It was very strange to walk in between the two protests, to be within the confines of these soldiers in riot gear and to see that despite the tension, free movement was still allowed. Plenty of people came down with the sole purpose of checking things out, since there is no other way of getting reliable news.

Reading the news on the internet, it seems like the President and the politicians are getting closer to a compromise on the new constitution. But to the protestors, it seems to be just an opportunity to try to get Bakiyev out of power. His supporters shouted – “Ba-ki-yev! Ku-lov!” repeatedly, as though at a high-school pep rally. A more impressive speaker spoke in Russian about the fact that Kyrgyz are united, and they will not be divided and thrown into conflict by the opposition.

One Western visitor, who came in town earlier this week, thinks the protests are great, that Kyrgyzstan is the only place in Central Asia where people are allowed to go on the street and say what they want, regardless of how stupid it might be.

But the locals, including our driver, Sergei, were getting tired.

“On the first days, I had some interest in what is going on,” he said. “But seven days is too much. And when I go down there, I see all these young people, under age 25. It would be a different story if there were mature people my age saying something intelligent. But these rural youth don’t even have anything in their heads to think with. They don’t even know how to say the word Constitution. They’ve never said it before in their lives. They have no idea what the difference is between a Presidential system and a Parliamentary democracy. But they are down there yelling this word, Constitution, that they don’t understand.”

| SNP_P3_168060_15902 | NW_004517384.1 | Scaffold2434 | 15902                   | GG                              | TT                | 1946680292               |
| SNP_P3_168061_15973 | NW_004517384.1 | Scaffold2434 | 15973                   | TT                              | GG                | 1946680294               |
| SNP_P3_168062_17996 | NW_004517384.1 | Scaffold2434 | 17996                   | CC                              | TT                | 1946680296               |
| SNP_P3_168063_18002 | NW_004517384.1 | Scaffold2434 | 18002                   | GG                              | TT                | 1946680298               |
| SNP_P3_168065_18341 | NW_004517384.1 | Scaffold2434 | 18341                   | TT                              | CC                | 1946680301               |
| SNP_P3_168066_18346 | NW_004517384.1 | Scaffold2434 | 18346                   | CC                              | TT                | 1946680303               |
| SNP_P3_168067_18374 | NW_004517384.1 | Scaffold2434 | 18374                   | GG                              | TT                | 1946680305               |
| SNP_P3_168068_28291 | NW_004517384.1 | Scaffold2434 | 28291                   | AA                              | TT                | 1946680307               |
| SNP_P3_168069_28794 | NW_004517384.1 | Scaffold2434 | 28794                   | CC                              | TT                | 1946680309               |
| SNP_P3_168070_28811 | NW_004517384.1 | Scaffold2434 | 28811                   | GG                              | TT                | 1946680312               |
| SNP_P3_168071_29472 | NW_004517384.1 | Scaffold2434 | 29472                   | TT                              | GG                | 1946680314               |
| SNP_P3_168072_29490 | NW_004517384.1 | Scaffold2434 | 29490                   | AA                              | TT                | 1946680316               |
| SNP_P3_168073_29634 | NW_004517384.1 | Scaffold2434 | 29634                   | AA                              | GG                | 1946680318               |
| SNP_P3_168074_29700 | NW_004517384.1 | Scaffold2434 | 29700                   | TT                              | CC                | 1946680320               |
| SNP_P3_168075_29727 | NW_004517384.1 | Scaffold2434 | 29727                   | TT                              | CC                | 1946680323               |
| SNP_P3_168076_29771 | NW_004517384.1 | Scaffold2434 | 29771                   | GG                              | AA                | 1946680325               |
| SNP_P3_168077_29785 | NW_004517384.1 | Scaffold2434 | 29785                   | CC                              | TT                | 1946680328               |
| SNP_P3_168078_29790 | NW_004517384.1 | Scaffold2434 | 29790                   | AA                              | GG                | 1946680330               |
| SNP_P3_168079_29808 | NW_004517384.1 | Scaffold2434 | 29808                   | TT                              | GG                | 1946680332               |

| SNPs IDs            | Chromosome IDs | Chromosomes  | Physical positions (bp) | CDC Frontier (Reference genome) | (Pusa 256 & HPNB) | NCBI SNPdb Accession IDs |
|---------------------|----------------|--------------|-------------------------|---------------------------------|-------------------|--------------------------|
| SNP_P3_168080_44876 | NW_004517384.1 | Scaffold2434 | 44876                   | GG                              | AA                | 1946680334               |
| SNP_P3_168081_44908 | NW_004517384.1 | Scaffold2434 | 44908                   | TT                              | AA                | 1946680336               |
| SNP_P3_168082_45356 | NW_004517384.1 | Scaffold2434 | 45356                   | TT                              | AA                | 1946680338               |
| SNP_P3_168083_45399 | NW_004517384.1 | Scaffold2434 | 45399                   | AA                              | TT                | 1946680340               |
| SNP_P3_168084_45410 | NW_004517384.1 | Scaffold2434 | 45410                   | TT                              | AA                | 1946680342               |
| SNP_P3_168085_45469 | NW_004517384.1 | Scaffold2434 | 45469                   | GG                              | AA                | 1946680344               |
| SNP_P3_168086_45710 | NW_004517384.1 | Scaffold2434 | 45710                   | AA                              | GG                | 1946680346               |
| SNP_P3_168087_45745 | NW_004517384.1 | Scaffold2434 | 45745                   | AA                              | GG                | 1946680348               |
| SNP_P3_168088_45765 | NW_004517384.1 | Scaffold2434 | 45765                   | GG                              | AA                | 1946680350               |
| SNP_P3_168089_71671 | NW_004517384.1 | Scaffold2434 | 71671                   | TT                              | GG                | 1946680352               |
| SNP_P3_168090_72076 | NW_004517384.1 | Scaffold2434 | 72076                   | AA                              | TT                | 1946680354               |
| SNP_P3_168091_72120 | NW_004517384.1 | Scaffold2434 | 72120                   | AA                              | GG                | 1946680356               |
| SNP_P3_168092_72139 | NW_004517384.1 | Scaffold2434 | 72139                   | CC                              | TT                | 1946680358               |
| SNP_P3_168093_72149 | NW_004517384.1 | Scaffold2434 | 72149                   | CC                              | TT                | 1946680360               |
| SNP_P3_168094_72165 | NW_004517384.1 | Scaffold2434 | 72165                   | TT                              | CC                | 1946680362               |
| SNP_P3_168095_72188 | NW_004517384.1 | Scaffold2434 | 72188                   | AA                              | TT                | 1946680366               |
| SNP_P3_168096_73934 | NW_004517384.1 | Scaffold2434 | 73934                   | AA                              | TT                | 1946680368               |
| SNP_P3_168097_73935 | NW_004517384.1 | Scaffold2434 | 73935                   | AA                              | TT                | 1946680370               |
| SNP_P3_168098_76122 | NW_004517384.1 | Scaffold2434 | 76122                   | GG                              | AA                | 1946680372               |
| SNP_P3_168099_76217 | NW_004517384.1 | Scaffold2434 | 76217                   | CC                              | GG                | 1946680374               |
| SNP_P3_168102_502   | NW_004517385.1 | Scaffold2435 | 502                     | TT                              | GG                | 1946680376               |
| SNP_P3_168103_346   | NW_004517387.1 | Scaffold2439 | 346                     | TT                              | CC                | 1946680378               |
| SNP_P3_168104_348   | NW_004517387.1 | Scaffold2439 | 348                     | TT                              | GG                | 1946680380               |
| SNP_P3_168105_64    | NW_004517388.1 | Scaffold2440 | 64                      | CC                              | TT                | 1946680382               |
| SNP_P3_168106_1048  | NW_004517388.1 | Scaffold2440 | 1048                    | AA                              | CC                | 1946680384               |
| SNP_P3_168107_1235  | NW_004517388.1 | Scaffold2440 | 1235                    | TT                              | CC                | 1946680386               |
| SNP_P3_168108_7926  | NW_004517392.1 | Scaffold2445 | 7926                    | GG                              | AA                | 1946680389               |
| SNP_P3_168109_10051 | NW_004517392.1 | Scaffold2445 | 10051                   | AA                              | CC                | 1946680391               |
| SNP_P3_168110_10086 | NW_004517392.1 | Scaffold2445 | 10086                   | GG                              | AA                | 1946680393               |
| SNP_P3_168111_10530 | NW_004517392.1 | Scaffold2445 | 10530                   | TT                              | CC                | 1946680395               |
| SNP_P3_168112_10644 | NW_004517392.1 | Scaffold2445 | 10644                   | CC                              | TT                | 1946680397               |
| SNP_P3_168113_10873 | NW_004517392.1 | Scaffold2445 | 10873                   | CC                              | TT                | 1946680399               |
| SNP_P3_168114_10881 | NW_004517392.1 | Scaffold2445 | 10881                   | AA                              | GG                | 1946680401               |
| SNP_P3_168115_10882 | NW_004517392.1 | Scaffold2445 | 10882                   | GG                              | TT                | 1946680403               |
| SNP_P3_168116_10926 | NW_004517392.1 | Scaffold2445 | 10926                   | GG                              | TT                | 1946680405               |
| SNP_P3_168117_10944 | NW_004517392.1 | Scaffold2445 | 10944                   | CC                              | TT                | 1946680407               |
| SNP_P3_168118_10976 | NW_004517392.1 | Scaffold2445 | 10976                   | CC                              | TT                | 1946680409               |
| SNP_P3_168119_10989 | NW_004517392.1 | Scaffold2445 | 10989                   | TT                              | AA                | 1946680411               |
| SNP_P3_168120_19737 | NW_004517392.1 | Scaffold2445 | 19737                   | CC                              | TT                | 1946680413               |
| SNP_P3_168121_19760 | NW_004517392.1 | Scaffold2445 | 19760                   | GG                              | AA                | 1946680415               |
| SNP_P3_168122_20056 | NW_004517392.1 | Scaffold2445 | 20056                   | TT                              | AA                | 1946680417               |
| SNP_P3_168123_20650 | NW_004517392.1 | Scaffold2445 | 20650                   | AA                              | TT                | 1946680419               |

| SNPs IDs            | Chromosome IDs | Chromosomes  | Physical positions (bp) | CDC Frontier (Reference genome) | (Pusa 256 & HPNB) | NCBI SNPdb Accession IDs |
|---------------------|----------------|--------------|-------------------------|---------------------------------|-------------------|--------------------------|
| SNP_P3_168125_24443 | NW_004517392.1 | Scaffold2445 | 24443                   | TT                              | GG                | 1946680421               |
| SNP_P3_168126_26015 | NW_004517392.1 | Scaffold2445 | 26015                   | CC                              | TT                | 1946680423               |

He also said he could see a lot of potential criminals in the group – maybe such as the hard-faced men pictured below. “They are just waiting for when disorder will begin and they can have the opportunity to freely steal things.”

Several people I work with left their cars at home, not wanting to take a risk in case something happens. But more and more people are returning to their normal routines and the roads filled with cars yesterday.

“People just get used to things,” Sergei said. “This has now become a part of life.”

That’s true. Last week, we closed our office with lesser gatherings. Now no one questions working the whole day.

The fact that is that outside an area of a few blocks, there is no sound, indication of, or effect of the protests. Should one choose to, it’s possible to enter a cocoon and just pretend nothing is happening. I’ve been tempted to do that for a while, but the intrigue of what might happen and the recognition of a unique moment in Kyrgyz history draws me to the news sites and to the square.

However, for the first time yesterday, I did go to aerobics class. I had figured they’d be disrupted by the protests, but they weren’t. A sizeable class showed up, woman who were going to get their exercise no matter what was going on outside.

I emerged into the dark evening and could hear the speakers’ voices over the loudspeaker. Do they never get tired of talking? Can people remain riled up for so long? Don’t the people down there have headaches by now? Not to mention the poor people with apartments located there.

Luckily, my apartment is out of the sound range. So I returned home to quiet, no news, and the ability to unwind. Only to wake up once again wondering if anything fundamental had changed in my surroundings.

Let it Snow


November 21, 2006

Winter is here. The first snow fell today, covering the tree branches in a light layer of frost. The air became nippy, the streets slushy. It’s barely light before the workday begins and is already dark when it’s over. People have had to accept that it’s now winter. Several months to go before streets will be light and warm and full again.

Maybe the cold weather will keep some of the bad guys off the street. Some say they are people from the regions who came for the protests and didn’t go back home. I heard of three muggings in the past week alone – more than I’ve heard about in my whole time in Kyrgyzstan. One of them was one of our employees – a young man who was leaving a disco with a friend on Sunday night when they were jumped by six strangers who took their cell phones and wallets. Manas had a tooth knocked out (but was able to get it replaced). His friend is now OK, but spent some time in the hospital. I’m now going home every evening with our driver.